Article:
How appropriate is the decision made in each of these three scenarios? Three-hundred research participants read and considered scenarios like these before rating each decision’s appropriateness on a scale ranging from 1 (very inappropriate) to 5 (very appropriate).


Patrick Heck
Percent of people who object to Policy A, Policy B, and the Experiment (A/B Test).
Source: Patrick Heck

Figure 1 displays the results: Whereas about 13% of people objected to Hospital 1’s badge policy (by rating it somewhat or very inappropriate), and only about 5% of people objected to Hospital 2’s poster policy, more than 30% of participants objected to Hospital 3’s decision to compare A with B. Even though most people found the badge and poster policies to be appropriate, a staggering number nevertheless thought it was inappropriate to conduct a randomized experiment to learn which policy would save more lives.

We found similar results in four other scenarios, including comparative drug effectiveness trials; employee retirement plan offerings; disclosure policies in direct-to-consumer genetic testing; and autonomous vehicle development (though the effect was substantially weaker in this case).


What did we learn from this research? There are a couple of important takeaways.

First, it was clear that many people have a moral aversion to experiments, even when an experiment is explicitly designed to test two policies or treatments that these same people view as appropriate. This may create friction between leaders, researchers, or policymakers, who are interested in collecting and learning from data, and consumers, patients, and other stakeholders within an organization.

Second, this aversion cannot be explained by idiosyncratic decisions about how our research was conducted or analyzed—we have replicated the A/B Effect using different research designs, measures, and sample populations (including a large sample of doctors, nurses, and other medical professionals).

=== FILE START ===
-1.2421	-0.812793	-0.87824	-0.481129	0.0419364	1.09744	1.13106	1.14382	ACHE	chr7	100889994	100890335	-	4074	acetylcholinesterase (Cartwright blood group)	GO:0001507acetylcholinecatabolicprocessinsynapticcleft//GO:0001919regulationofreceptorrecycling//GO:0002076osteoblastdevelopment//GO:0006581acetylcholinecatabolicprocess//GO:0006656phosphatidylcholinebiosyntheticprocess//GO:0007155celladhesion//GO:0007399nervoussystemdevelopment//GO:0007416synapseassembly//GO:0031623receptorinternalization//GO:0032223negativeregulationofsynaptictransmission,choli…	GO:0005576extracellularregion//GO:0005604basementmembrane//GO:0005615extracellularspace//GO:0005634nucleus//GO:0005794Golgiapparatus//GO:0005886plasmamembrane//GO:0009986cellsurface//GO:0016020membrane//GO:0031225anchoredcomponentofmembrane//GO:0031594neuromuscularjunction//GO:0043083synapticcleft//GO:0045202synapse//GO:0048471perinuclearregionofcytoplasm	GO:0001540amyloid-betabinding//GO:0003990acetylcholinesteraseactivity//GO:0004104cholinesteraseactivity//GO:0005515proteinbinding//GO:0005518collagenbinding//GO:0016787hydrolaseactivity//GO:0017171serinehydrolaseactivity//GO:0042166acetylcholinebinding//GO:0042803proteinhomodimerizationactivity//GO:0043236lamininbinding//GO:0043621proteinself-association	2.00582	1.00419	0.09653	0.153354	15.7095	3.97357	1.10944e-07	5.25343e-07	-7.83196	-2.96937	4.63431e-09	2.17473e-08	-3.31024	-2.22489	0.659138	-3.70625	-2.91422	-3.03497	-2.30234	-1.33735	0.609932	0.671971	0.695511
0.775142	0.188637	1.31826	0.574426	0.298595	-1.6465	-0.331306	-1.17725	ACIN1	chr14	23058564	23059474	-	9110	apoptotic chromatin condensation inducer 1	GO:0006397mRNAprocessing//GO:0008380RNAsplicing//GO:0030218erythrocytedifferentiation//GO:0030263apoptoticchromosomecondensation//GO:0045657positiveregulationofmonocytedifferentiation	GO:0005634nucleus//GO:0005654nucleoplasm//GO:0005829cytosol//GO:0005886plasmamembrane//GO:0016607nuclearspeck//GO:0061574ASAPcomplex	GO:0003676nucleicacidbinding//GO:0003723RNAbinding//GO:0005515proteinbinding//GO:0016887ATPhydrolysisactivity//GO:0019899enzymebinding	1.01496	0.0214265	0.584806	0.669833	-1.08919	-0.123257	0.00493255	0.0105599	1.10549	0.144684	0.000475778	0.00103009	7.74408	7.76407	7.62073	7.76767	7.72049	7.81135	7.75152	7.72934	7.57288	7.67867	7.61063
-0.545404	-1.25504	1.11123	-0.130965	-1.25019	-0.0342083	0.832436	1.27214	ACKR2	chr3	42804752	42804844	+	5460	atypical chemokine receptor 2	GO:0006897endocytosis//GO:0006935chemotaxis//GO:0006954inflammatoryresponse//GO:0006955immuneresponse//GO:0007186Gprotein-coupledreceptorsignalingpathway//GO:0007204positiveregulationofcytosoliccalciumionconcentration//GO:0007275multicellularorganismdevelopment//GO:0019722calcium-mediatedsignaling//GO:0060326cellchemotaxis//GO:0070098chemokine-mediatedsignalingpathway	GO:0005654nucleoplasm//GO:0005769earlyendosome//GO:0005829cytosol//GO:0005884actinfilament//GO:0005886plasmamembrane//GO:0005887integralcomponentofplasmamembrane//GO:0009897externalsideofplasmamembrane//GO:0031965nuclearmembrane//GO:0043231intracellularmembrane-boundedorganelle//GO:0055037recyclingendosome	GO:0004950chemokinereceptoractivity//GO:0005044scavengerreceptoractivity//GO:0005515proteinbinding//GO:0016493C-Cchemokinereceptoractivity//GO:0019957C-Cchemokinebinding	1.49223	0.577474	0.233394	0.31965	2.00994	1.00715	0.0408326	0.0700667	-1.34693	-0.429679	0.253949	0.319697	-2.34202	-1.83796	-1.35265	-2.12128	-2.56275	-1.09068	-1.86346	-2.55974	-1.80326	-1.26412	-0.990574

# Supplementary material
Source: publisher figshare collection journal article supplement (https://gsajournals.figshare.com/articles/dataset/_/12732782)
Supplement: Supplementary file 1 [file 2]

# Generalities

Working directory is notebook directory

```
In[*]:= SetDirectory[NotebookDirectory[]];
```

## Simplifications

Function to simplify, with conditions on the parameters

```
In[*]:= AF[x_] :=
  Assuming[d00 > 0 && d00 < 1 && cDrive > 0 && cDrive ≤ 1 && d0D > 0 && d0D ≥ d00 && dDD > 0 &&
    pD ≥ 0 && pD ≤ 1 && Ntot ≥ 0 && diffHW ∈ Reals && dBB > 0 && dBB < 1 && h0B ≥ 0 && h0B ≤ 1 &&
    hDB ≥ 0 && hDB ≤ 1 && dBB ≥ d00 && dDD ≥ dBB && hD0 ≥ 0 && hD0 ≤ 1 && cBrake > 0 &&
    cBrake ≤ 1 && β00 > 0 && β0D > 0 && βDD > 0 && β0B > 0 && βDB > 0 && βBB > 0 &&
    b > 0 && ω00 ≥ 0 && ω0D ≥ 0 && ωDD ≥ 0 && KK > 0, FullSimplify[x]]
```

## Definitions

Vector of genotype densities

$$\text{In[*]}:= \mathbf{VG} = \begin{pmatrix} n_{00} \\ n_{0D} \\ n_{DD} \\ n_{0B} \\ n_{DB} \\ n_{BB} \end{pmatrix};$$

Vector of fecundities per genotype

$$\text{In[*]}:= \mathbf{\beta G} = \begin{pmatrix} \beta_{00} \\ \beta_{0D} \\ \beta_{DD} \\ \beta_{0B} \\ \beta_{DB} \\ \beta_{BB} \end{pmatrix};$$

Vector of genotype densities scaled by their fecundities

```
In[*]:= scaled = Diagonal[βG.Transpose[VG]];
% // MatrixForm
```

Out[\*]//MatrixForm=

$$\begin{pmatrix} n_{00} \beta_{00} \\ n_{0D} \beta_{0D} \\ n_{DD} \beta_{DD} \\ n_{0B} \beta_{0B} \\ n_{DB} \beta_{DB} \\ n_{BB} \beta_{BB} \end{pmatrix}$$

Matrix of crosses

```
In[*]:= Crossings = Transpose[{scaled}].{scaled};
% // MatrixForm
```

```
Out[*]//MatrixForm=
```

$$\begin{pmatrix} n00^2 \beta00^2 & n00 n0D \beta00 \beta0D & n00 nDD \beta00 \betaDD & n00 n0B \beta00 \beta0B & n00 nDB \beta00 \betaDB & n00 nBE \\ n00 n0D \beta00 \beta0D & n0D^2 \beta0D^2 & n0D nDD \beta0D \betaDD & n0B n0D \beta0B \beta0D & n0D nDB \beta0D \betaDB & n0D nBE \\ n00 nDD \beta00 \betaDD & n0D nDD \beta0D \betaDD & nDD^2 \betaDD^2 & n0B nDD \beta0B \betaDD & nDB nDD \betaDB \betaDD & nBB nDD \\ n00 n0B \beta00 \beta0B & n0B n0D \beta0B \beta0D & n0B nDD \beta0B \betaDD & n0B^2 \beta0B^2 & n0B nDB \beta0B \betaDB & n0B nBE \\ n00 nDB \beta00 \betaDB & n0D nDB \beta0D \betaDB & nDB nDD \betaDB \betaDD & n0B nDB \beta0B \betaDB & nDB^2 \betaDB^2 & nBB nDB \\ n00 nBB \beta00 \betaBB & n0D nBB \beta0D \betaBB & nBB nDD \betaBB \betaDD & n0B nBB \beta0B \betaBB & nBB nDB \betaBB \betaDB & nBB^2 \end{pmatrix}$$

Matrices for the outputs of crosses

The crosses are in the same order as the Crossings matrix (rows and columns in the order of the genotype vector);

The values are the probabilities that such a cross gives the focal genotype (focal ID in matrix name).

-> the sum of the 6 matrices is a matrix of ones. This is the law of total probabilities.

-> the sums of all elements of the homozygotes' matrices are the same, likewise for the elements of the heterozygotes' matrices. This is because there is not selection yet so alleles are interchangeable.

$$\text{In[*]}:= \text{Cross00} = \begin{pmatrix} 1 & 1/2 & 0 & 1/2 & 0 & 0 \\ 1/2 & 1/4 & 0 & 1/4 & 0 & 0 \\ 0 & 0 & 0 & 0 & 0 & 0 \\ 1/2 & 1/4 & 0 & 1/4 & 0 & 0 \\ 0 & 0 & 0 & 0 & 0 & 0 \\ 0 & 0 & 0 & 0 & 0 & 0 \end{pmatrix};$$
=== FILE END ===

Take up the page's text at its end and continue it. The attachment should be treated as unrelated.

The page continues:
Third, we observed here (and in our last paper on the topic) that there were no consistent demographic predictors of people’s attitudes toward experiments: sex, age, race/ethnicity, household income, and education could not explain or predict the A/B Effect. We even compared the results between participants who reported having a degree in a STEM field and those who do not and found no differences in ratings of the A/B test.

Finally, it is important to note that are many good reasons to object to some experiments, and not everyone objects to all experiments. In addition to rating how appropriate each decision was, we also asked our participants to rank-order the three decisions from best to worst. This measure revealed something new: in some cases, participants in fact ranked the A/B test as the best possible decision among the three. This encouraging result suggests that there are situations where people prefer to learn from an experiment. Identifying some of those situations is an important future direction for research on attitudes toward experiments, policies, and evidence.


Heck, P. R., Chabris, C. F., Watts, D. J., & Meyer, M. N. (2020). Objecting to experiments even while approving of the policies or treatments they compare. Proceedings of the National Academy of Sciences. Online First.

Meyer, M. N., Heck, P. R., Holtzman, G. S., Anderson, S. M., Cai, W., Watts, D. J., & Chabris, C. F. (2019). Objecting to experiments that compare two unobjectionable policies or treatments. Proceedings of the National Academy of Sciences, 116(22), 10723-10728.